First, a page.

Indian films shot abroad have come a full circle. From travelogues that were popular in the 1960s and 1970s, we moved to “NRI nostalgia” films in the 1990s and 2000s which acted as a bridge for NRIs with India, and also fuelled resident Indians’ aspirations for a better life. But now such films are declining in number and influence, only to be replaced by other genres.
Let’s rewind to the early 1960s. Around this time, Indian filmmakers first started exploring two fabulous and exciting new trends — colour films and foreign locales.
For example, An Evening in Paris (1967): Indian viewers hadn’t seen anything like this before. Shammi Kapoor romancing Sharmila Tagore all over Paris, that too in colour!
Shakti Samanta had already used colour film to great advantage in Kashmir Ki Kali in 1964, with the film showcasing Kashmir in all its splendour.
Cut to 1967. Inspired perhaps by Pramod Chakravorty’s 1966 hit, Love in Tokyo (starring Biswajit and Asha Parekh), Samanta decided to go West, and selected the mega city of Paris for his story about finding true love in a foreign land (Sachin Bhowmick wrote both films). The cherry on the cake was Sharmila Tagore water skiing in a swimsuit, even as Shammi Kapoor crooned Aasman se aaya farishta, wearing a robe and hanging from a helicopter. The swimsuit created a storm in a tea cup. (Remember that Samanta had an eye for the exotic, having earlier introduced Burmese beauty Helen with the popular song Mera Naam Chin Chin Choo in Howrah Bridge in 1958). It was enough to boggle viewers’ minds and leave them craving for more.
Next came Aankhen (1968). Ramanand Sagar’s spy caper was set in several international locations including Beirut and starred Dharmendra, Mala Sinha and Mehmood. Dev Anand followed suit, shooting in hitherto virgin locales of Europe in Prem Pujari (1970).
These films had something in common, other than exotic locales. All these were tales of intrigue, with lead actors being involved in spying (Prem Pujari and Aankhen), murder or treachery (An Evening in Paris).
Shakti Samanta made more spy thrillers such as the Amitabh Bachchan-Zeenat Aman starrer The Great Gambler (1979), which was set in exotic locations such as Venice and Cairo. Ramanand Sagar was not far behind, with his super hit Dharmendra-Hema Malini blockbuster Charas (1976), set in Rome and Malta. All these films left three generations of Indians fantasising about travelling abroad.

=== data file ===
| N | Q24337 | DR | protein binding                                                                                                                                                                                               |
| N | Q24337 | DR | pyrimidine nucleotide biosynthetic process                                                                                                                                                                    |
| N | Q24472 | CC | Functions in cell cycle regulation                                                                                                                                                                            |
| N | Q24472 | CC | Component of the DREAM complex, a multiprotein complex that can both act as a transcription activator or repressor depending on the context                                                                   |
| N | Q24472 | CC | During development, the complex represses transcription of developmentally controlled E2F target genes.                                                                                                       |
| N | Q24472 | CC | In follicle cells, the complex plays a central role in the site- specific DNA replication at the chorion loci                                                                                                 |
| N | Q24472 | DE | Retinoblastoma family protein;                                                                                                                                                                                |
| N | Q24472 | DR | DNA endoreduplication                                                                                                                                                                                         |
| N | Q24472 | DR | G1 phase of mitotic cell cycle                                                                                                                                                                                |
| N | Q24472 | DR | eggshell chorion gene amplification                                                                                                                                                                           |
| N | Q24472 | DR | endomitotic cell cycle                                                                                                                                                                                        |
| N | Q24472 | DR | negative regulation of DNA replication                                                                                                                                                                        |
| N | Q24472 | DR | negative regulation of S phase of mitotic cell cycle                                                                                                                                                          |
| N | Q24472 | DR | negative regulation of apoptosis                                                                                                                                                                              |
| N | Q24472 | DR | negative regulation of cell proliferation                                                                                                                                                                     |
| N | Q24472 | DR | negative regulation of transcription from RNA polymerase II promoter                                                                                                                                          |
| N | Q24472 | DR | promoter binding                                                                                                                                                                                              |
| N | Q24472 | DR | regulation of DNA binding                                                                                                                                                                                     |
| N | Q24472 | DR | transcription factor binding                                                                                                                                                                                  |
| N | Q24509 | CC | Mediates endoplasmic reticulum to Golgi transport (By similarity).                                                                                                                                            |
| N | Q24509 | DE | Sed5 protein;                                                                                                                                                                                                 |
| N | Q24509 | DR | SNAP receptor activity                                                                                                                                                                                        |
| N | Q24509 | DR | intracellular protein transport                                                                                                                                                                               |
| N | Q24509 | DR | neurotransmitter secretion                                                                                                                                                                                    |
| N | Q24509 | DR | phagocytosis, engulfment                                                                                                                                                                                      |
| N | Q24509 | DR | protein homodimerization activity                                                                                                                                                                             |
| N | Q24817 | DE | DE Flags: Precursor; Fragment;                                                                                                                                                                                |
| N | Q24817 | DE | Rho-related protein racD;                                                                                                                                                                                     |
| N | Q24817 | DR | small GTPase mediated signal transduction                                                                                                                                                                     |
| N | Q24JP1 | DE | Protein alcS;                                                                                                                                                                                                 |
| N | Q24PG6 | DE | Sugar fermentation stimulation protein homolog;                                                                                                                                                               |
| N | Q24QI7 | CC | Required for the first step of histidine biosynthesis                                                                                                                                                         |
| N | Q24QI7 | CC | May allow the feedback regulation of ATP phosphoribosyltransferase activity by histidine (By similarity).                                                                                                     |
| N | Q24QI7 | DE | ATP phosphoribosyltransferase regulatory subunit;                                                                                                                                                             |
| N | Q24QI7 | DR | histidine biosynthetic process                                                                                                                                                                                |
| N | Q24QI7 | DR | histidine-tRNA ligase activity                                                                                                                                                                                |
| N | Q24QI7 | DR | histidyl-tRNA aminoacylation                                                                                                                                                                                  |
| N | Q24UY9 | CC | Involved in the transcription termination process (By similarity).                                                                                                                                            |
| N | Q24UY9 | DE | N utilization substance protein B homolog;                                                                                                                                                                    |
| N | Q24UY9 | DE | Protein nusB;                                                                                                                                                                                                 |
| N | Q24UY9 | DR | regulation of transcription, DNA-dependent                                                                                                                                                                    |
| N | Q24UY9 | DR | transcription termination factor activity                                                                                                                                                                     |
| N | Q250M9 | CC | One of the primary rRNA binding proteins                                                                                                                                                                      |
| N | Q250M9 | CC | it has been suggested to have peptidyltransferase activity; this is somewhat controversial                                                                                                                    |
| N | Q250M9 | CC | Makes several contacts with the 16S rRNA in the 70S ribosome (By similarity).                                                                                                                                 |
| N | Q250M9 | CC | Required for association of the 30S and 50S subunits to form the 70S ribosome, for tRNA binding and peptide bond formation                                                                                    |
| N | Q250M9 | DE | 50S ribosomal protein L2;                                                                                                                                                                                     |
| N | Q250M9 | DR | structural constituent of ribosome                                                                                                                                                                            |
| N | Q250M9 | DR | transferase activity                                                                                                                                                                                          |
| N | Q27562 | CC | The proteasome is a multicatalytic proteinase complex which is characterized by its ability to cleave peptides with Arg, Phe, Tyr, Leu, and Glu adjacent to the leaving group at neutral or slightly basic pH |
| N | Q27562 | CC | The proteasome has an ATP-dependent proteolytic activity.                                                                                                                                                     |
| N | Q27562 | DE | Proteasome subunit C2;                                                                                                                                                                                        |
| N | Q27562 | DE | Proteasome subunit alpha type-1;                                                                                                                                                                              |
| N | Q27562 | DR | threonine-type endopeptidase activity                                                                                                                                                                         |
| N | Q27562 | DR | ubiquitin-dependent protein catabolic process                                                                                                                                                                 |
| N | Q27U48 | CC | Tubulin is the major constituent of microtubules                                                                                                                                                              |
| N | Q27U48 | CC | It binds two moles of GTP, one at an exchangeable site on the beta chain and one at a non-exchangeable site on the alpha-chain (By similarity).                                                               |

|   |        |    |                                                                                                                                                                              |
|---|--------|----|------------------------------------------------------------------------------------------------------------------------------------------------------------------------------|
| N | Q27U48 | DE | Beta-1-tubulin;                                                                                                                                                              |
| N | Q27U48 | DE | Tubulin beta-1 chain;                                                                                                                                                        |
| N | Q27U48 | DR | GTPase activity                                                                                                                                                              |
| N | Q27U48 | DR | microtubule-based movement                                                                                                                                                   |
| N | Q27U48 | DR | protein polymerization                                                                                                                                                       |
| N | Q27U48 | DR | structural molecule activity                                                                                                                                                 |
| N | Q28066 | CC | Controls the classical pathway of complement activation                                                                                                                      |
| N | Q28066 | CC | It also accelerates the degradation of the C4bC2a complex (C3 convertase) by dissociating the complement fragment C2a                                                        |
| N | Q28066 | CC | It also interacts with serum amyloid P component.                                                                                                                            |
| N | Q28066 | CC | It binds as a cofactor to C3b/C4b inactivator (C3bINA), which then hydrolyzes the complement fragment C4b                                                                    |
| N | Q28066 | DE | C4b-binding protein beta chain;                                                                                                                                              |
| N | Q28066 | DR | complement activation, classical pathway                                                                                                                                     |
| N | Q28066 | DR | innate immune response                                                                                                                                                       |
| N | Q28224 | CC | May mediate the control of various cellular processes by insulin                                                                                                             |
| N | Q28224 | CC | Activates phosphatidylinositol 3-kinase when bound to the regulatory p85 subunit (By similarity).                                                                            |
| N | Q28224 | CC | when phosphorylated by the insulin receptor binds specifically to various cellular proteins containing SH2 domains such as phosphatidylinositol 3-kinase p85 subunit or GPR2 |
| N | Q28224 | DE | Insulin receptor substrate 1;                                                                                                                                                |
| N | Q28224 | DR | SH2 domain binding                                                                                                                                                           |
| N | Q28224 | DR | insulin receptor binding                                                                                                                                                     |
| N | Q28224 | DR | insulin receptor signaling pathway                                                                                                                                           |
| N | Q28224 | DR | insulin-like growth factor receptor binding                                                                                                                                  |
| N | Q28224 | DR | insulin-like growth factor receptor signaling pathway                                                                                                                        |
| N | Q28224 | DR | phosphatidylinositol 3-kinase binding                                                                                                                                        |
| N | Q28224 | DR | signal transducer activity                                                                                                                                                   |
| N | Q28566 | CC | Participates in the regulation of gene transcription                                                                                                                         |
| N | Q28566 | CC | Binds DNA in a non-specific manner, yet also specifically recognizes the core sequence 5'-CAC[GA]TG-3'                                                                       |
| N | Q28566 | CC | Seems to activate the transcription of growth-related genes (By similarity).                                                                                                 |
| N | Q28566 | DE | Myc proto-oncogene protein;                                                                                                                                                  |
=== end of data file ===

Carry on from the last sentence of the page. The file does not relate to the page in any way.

It was Dev Anand who broke the mould of this fantastic, exotic world of blockbusters shot abroad. The flamboyant filmmaker was the first to portray the ugly side of the immigrant dream on screen, in Des Pardes (1978). Set in London, this film was a sordid tale of a murder most foul, of an innocent Punjabi man Samir Sahni (played by Pran), who migrates to London with a dream of opening a pub.
Dev Anand plays Samir’s younger brother Veer who exposes the murder as well as the illegal immigration racket. It may be noted that nowhere in the film did the director badmouth the British. The bad guys were Indians who were exploiting their own brethren. There was no exploiting of patriotic sentiments, no tear-jerking songs or scenes comparing India with Britain; just a quiet commentary on the immigrant dream gone wrong. Instead of homilies about ‘Bhartiya sanskriti’, you had Dev Anand advising his shy heroine Tina Munim (in her debut) to shed inhibitions, with Rajesh Roshan’s ditty “Jaisa des vaisa bhes, phir kya darna”.
In a way, Anand’s narrative was the exact opposite of Manoj Kumar’s Purab aur Paschim(1970), where the misguided heroine Saira Banu is shown to have been corrupted by Western ways, comes back to India with Bharat Kumar and attains salvation by transforming into a sari-clad ‘bharatiya nari’.
Des Pardes was set in the 1970s, when there was a mad rush in Punjab to move to London, the city about which it was said that “the streets were paved with gold” (to quote from the 19th century tale of Dick Wittington and his cat).
By the early 1990s, Indians were flourishing abroad; they typically owned petrol pumps, cabs, motels and grocery stores everywhere from Southhall, London to Queens in New York City.
The second generation of Non-Resident Indians were earning well, and were now focussed on preserving their culture. Hindi films were an important bridge with India.
Aditya Chopra, scion of a major Indian production house, Yash Raj Productions saw a window of opportunity open, and Dilwale Dulhania Le Jaayenge (1995) was born — the first of the soppy ‘mera bharat mahaan’, kind of ‘NRI nostalgia’ films. Where hypocrisy was a way of life. Where Simran (Kajol) wears short dresses outside home, but slips into a salwar kameez at home, singing bhajans loudly as soon as Babuji (Amrish Puri) is within earshot. Where she romances her beau all over Europe, but agrees in a minute to marry a ‘son-of-the-soil’ from back home who she has never met — because Babuji says so.